The fourth figure, the “Hanged Man,” provides the dissonant harmony within this suite of images. He is the one who appeared already dead, his suffering behind him. His eyes, either closed or obscured by the water streaming down his face, are never quite visible. Although his arms eventually make hopeful gestures of prayer or embrace, the rest of his body stays limp, totally given over to the power at the other end of the rope, which pulls him up and out of the frame. The water continues to fall when he is gone.

Unlike the prayerful final images of the other panels, the fourth is fraught with absence. The other martyrs only gaze at the transcendent. The fourth has already ascended there, and we are left with only the water as a reminder of the one we can no longer see.

Noting that martyr means “witness,” an accompanying statement by Viola and his producer Kira Perov compares the active witness of martyrs to the passive witness of those who merely consume images of suffering through mass media, adding that these four figures “exemplify the human capacity to bear pain, hardship, and even death in order to remain faithful to their values, beliefs, and principles. This piece represents ideas of action, fortitude, perseverance, endurance, and sacrifice.”[iv]

But these evocative images can’t be reduced to a single meaning. The more I watched, the more meanings and associations were generated. The first figure suggested Adam formed from the mud, or Christ rising from his grave, shedding mortality clump by clump. It also seemed a kind of birth.

The strongly sidelit second figure, whose white shift and platinum hair glowed against the black background like a Zurburan crucifixion, mirrored both Jesus and Joan of Arc.

Like gold in the furnace God tried them, and like a sacrificial burnt offering God accepted them.[v] The fire in the third panel not only recalled the light of burning martyrs, but the positive biblical tropes of the refiner’s fire and tongues of flame.

The fetal position of the fourth martyr evoked both the womb and the grave. The falling water made me think of both baptism and waterboarding. Once he was gone, however, it spoke to me of both memory and promise: what had happened to him, and what might happen to us.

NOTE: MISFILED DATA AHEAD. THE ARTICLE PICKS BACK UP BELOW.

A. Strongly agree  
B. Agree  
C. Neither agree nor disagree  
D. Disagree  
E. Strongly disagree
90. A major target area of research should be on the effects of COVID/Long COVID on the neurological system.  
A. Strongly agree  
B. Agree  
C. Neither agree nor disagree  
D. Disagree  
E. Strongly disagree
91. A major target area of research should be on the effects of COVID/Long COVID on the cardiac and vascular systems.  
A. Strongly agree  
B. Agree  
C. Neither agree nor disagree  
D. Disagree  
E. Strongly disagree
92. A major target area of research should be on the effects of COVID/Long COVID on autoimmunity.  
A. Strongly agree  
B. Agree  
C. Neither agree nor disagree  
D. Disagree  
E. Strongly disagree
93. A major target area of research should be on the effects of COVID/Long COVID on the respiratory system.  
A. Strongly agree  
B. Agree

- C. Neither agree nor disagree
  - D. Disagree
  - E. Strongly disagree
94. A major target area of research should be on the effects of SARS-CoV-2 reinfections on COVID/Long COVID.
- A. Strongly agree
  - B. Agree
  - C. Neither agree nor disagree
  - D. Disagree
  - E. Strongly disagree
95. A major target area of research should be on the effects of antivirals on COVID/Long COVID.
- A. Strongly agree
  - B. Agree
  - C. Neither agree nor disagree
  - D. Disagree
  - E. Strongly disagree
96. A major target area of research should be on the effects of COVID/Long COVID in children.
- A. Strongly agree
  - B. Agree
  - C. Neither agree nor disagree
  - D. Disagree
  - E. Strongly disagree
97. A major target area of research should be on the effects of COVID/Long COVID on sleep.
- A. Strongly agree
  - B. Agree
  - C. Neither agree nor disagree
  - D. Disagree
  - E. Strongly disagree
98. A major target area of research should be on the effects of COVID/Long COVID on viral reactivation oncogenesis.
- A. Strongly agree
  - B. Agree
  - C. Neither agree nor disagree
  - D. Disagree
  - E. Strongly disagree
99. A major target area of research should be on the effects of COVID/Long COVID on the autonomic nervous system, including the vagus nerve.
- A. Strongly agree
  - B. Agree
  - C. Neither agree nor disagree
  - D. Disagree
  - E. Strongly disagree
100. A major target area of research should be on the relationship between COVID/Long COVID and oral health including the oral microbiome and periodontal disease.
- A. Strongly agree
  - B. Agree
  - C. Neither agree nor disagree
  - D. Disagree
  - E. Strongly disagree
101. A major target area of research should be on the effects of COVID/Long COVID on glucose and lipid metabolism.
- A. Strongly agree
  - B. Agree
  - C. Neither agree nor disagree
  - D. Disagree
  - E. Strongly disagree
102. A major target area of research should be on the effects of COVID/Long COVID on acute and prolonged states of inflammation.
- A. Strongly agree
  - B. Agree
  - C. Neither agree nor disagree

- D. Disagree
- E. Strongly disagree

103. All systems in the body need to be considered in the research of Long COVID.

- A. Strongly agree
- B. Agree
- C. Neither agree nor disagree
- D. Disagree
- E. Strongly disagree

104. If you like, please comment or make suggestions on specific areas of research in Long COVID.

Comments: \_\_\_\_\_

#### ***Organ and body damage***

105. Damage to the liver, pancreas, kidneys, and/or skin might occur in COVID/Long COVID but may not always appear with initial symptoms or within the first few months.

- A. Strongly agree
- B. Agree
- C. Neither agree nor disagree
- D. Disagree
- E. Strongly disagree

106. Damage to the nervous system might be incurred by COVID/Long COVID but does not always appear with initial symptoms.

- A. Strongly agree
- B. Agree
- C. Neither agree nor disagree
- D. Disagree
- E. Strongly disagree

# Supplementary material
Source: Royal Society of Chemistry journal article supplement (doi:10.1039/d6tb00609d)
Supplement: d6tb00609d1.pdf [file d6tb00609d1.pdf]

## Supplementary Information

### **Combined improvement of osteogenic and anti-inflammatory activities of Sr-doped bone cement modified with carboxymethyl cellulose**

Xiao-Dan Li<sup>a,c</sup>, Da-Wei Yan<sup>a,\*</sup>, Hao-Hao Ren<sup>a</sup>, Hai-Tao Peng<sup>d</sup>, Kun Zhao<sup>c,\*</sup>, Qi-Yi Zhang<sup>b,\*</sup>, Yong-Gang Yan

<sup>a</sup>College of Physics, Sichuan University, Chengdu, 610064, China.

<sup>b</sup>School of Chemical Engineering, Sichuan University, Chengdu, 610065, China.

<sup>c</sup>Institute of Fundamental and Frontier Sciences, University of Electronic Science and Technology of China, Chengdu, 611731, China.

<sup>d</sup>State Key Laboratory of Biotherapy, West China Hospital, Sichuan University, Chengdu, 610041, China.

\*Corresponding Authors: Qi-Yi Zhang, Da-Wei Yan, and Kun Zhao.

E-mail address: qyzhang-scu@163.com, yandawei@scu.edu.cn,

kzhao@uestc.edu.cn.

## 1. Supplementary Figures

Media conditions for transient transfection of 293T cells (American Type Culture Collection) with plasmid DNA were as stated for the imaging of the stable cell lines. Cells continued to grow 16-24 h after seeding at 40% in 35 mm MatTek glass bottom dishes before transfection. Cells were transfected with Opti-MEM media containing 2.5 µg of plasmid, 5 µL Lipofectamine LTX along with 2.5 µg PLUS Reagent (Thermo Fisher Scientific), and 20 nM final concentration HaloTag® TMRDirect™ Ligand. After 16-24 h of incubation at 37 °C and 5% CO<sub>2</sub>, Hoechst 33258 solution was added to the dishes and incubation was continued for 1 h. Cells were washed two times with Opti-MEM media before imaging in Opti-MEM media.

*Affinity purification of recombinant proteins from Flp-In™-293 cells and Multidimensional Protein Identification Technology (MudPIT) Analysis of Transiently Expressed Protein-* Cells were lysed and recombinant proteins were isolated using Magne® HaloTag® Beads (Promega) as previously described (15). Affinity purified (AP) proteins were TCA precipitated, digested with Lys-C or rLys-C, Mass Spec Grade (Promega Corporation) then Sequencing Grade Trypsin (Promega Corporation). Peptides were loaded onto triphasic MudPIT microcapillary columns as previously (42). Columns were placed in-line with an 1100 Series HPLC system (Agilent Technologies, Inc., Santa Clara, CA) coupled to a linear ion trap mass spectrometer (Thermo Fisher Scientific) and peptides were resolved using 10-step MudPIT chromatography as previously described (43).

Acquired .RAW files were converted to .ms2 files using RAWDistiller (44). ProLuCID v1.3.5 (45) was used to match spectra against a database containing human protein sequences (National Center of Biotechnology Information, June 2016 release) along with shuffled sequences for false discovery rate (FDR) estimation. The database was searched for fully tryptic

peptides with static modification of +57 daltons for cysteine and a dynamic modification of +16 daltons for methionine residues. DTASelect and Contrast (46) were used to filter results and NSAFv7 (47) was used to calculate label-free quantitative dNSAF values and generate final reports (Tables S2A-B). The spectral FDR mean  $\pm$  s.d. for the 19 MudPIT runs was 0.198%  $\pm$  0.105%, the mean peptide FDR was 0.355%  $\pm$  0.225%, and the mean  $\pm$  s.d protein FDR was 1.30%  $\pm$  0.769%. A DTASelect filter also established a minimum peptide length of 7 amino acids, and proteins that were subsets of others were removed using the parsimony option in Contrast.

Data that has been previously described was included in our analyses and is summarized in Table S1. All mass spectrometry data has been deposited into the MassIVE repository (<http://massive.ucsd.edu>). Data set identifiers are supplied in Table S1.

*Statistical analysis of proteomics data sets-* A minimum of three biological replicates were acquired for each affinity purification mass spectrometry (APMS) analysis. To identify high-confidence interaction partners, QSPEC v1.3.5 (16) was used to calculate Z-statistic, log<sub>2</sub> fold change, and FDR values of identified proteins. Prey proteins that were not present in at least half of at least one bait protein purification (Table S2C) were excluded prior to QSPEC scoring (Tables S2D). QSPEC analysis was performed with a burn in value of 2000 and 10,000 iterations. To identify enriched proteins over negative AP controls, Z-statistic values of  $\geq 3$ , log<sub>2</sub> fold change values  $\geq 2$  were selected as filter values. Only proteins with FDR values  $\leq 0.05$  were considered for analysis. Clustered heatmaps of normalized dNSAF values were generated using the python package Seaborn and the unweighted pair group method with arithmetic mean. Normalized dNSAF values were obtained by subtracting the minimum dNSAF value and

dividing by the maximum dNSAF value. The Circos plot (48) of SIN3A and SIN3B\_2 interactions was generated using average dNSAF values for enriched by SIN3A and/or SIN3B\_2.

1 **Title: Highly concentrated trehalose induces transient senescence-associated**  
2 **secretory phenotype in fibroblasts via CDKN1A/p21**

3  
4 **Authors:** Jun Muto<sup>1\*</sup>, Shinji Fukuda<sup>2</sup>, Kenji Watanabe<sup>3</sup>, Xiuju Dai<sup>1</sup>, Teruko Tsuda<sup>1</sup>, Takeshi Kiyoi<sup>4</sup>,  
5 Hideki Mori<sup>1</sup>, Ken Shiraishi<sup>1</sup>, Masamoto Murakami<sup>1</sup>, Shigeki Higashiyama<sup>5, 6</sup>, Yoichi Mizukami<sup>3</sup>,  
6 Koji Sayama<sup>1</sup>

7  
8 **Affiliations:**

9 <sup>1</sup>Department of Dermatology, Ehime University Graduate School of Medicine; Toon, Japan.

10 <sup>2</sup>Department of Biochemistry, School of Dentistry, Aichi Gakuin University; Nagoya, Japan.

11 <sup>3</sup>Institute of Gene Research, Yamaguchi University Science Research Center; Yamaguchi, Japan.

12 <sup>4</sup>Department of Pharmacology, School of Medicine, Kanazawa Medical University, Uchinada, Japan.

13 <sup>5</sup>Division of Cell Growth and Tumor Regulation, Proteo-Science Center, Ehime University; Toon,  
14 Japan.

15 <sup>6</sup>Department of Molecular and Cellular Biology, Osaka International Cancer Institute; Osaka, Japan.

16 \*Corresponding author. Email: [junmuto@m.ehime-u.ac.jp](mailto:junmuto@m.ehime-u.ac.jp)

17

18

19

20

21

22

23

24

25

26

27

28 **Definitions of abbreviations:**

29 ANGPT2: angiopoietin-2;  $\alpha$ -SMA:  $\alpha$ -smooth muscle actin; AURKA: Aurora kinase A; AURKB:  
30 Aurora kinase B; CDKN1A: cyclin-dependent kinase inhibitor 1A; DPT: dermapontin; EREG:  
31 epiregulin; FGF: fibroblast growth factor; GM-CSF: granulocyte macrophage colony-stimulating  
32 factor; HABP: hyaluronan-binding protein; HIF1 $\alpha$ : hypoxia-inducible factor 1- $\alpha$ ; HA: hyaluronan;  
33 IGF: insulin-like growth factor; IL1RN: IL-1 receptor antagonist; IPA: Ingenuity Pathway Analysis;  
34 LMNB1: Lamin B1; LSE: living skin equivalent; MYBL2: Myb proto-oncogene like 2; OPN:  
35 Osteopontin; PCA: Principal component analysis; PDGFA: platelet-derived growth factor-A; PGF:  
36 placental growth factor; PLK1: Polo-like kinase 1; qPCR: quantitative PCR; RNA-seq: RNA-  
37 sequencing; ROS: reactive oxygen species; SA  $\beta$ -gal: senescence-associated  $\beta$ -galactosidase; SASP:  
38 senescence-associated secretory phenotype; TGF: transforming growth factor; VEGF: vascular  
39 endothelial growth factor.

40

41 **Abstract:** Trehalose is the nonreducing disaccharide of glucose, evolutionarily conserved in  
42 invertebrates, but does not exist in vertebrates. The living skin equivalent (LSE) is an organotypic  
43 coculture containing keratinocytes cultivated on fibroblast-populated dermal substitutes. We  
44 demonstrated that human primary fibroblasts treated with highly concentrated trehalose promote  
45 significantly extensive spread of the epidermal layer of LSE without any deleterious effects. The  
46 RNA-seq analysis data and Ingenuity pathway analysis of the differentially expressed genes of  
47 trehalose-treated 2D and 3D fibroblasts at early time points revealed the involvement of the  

Just what – or who – is at the other end of that rope anyway?

[i] “Technology and Revelation” is the title of a lecture I heard Viola give at the University of California at Berkeley, September 28, 2009.

[ii] David Morgan, “Spirit and Medium: The Video Art of Bill Viola,” Image, No. 26 ((Spring 2000), 32

[iii] This was Simone Weil’s definition of prayer.

[iv] From the installation’s explanatory text.

[v] Wisdom of Solomon 3:6

Cave of the Apocalypse

Katholikon of the Holy Monastery of St. John the Theologian

Katholikon of the Holy Monastery of St. John the Theologian


I, John … was on the island called Patmos because of the word of God and the testimony of Jesus. I was in the spirit on the Lord’s day, and I heard behind me a loud voice saying, ‘Write in a book what you see …’    (Rev. 1:9-11)

Patmos is one of the smaller Dodecanese Islands, a grueling 8-hour middle-of-the-night ferry ride east of Athens. It has gorgeous bays and quiet beaches, superb mountain views, charming villages and, at least not in summer’s high season, a tranquil predominance of locals over tourists. The outsiders I have met are themselves “regulars,” returning again and again because they love it. Yesterday a man from the Netherlands told me this was his 23rd straight year of month-long visits.

Patmos is also a place of pilgrimage, where St. John the Theologian (or “the Divine,” as we say in the western church), fell into a swoon and saw things which have intrigued, puzzled, disturbed and inspired readers ever since. The Book of Revelation has, regretfully, provided horrific weapons of mass destruction for hellfire preachers, but it is also the source for many sublime hymns and prayers in my own Anglican tradition.

Most scholars think that the book’s author is not the same person who wrote the Fourth Gospel. Language, style and themes are too different in the two works. But “tradition” has always preferred to link the Galilean fisherman “whom Jesus loved” with both the mystical composer of the Fourth Gospel and the visionary exiled to Patmos. It exemplifies the arc of discipleship as potentially a long, strange trip. As we sang in a hymn at my own ordination years ago, “the peace of God, it is no peace … Young John, who trimmed the flapping sail, homeless in Patmos died; Peter, who hauled the teeming net, headdown was crucified.”